Brad Watson has set his superb second novel in a small Mississippi city near the Gulf of Mexico. The heat, damp, whisky, bigotry and family skulduggery suggest juicy Southern Gothic. Although The Heaven of Mercury is born of that tradition, it transcends its parentage.
Finus Bates has loved the delectable Birdie Wells all his life. Despite a rare display of youthful bravado, he loses her to Earl Urquhart, a handsome alpha male from a family of notorious delinquents, who bullies her into matrimony. Finus is civilised and easy-going, but hesitant and detached. Unlike his rival, his interests extend beyond himself. Now 92, he is a local celebrity and town historian, editing the newspaper and hosting a radio show. Obituaries are his speciality, and as the story opens, he's about to write Birdie's.
The novel teems with vivid characters: the main families, the undertaker Parnell Grimes and his etheral wife; Aunt Vish, Frank and Creasie, descendants of slaves, plus children and ancestors. Watson tracks them from the 1880s to the present, creating a social universe in which dreams materialise and ghosts converse with the living.
Watson's is a generous spirit, and none of his flawed characters - save Papa Junius Urquhart - is denied a redeeming feature. He has a special affection for the indigenous humour and crack-brained wisdom of the very old. Racism is treated matter-of-factly with no false piety, rendering it all the more repulsive. The intricate structure plays with flashbacks, and the real meshes with the supernatural as time slides past itself like sheets of oiled glass.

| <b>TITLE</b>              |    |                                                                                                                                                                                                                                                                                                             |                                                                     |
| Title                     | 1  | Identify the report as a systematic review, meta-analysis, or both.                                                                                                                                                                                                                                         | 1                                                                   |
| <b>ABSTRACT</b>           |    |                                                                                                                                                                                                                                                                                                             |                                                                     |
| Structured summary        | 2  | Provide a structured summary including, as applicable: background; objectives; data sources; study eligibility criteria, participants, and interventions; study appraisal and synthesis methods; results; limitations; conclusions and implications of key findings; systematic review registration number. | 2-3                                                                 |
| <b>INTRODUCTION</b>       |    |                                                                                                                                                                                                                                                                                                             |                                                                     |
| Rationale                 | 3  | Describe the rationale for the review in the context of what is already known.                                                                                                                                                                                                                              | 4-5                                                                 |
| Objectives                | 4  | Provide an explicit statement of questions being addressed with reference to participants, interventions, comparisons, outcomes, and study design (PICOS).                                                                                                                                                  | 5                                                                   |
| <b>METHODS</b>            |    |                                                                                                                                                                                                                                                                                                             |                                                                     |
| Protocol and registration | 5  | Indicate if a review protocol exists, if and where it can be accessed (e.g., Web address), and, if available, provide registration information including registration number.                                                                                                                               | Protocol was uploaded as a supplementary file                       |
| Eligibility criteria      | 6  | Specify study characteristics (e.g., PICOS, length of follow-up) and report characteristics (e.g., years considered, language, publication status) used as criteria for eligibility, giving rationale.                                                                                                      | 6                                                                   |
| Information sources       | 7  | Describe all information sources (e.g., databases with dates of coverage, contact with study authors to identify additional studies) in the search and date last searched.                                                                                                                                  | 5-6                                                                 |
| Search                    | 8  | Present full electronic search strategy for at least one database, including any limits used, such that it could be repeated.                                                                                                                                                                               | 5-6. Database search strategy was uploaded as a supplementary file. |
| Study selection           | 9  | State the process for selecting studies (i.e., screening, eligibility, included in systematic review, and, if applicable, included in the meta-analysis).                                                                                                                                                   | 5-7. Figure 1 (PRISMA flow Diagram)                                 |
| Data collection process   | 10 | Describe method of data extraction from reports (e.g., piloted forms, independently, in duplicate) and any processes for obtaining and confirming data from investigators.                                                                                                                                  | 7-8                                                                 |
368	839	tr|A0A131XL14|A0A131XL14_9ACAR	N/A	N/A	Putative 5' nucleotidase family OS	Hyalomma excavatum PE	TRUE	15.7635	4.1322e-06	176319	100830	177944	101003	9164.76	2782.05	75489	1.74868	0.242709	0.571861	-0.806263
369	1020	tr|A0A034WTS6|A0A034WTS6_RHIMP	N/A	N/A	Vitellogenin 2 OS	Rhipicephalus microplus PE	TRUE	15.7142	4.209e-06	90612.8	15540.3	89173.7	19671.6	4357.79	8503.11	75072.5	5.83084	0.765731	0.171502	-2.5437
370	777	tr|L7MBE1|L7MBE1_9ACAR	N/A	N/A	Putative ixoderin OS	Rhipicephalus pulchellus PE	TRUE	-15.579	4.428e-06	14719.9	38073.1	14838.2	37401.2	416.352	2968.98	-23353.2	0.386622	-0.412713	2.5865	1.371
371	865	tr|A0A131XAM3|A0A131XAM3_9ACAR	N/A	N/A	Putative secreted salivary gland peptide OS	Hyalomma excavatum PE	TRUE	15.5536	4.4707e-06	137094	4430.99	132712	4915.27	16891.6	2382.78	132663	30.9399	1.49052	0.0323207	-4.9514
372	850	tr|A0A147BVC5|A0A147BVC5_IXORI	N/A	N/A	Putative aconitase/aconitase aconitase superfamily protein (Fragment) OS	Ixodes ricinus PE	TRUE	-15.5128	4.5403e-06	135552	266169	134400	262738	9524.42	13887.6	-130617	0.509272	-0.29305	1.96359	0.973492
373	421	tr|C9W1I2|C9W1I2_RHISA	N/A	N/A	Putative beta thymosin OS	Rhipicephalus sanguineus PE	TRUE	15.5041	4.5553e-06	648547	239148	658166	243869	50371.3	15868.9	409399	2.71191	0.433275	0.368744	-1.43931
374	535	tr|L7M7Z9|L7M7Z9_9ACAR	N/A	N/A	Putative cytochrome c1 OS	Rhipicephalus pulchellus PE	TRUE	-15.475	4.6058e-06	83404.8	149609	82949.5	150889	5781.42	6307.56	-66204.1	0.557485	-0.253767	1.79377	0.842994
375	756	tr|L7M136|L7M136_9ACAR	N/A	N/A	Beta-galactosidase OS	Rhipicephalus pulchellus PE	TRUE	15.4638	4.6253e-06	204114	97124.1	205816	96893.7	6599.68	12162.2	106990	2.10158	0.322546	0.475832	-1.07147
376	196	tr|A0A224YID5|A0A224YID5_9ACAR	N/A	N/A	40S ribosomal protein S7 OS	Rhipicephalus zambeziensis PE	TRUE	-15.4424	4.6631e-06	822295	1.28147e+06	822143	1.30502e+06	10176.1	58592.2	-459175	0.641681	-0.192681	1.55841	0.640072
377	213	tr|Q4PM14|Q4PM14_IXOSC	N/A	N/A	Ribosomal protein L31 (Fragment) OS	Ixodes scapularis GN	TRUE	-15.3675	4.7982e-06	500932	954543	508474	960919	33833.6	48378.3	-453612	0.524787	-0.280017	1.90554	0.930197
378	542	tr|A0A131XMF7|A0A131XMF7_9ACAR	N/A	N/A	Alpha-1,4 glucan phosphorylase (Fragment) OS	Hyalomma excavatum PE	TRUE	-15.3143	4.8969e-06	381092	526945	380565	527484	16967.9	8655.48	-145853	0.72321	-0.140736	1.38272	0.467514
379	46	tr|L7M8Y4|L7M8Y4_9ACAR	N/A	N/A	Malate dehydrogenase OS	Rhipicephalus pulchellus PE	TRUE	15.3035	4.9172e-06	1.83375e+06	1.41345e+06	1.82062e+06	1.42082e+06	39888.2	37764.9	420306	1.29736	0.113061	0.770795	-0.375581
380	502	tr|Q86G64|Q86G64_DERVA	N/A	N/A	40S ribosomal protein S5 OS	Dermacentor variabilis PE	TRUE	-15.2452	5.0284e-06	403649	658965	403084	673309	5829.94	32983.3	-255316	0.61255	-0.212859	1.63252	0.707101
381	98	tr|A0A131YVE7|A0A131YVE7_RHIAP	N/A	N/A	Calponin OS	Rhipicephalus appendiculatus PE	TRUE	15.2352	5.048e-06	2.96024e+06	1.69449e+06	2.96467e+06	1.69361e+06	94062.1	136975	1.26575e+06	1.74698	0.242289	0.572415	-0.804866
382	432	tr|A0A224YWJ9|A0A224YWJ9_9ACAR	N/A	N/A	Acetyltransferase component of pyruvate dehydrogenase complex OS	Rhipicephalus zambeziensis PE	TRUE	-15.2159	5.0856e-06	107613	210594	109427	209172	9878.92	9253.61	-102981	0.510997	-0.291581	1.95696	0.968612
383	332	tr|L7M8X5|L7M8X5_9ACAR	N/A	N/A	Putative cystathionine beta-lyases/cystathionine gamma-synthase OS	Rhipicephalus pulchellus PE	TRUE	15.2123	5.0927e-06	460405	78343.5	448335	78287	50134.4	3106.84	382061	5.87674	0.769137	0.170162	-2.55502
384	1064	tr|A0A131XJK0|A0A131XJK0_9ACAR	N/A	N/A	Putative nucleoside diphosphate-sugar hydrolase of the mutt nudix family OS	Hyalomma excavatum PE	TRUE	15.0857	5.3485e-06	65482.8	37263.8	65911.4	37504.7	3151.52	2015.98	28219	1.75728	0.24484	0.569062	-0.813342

Watson confronts change and loss, the flourishing and decay of the body, Southern society and nature. Rarely can a novelist have written so movingly about what Parnell calls "Death's role in the world". He is burdened with the guilt of his childhood crime and the secret of his father's real business with the government, and with Aunt Vish.
Watson also demonstrates a singular understanding of what women endure because of sex and its consequences. The account of Creasie's miscarriage and her simultaneous terror of being fired - because she's forced to use Birdie's toilet - is harrowing and tragic.
The language is racy and colloquial, delivered in a Southern telegraphese in which sentences tend to lose their subjects and verbs, rolling and swinging like the Mississippi accent. Shamelessly gorgeous prose becomes suddenly hymn-like, and there are modernist passages of fractured beauty.
Only in the last few pages did I grasp the unappealing title. Mercury exists within a penumbra of the collective past, the heaven of which its inhabitants are unaware until they encounter it in dreams, hallucinations, ghosts and memories. Finus recalls his grandfather taking him at dawn to a tidal basin to observe a pair of ivory bills - birds even then near extinction - winging towards the Gulf. He tells Finus to fix their precious image in his mind, because he will not see their like again. Memory preserves life.
The incident reveals a breadth of vision that makes most fashionable contemporary novels seem shabby and solipsistic. Watson exceeds them because he has a great heart, and this great heart has made him a great writer.Reuse content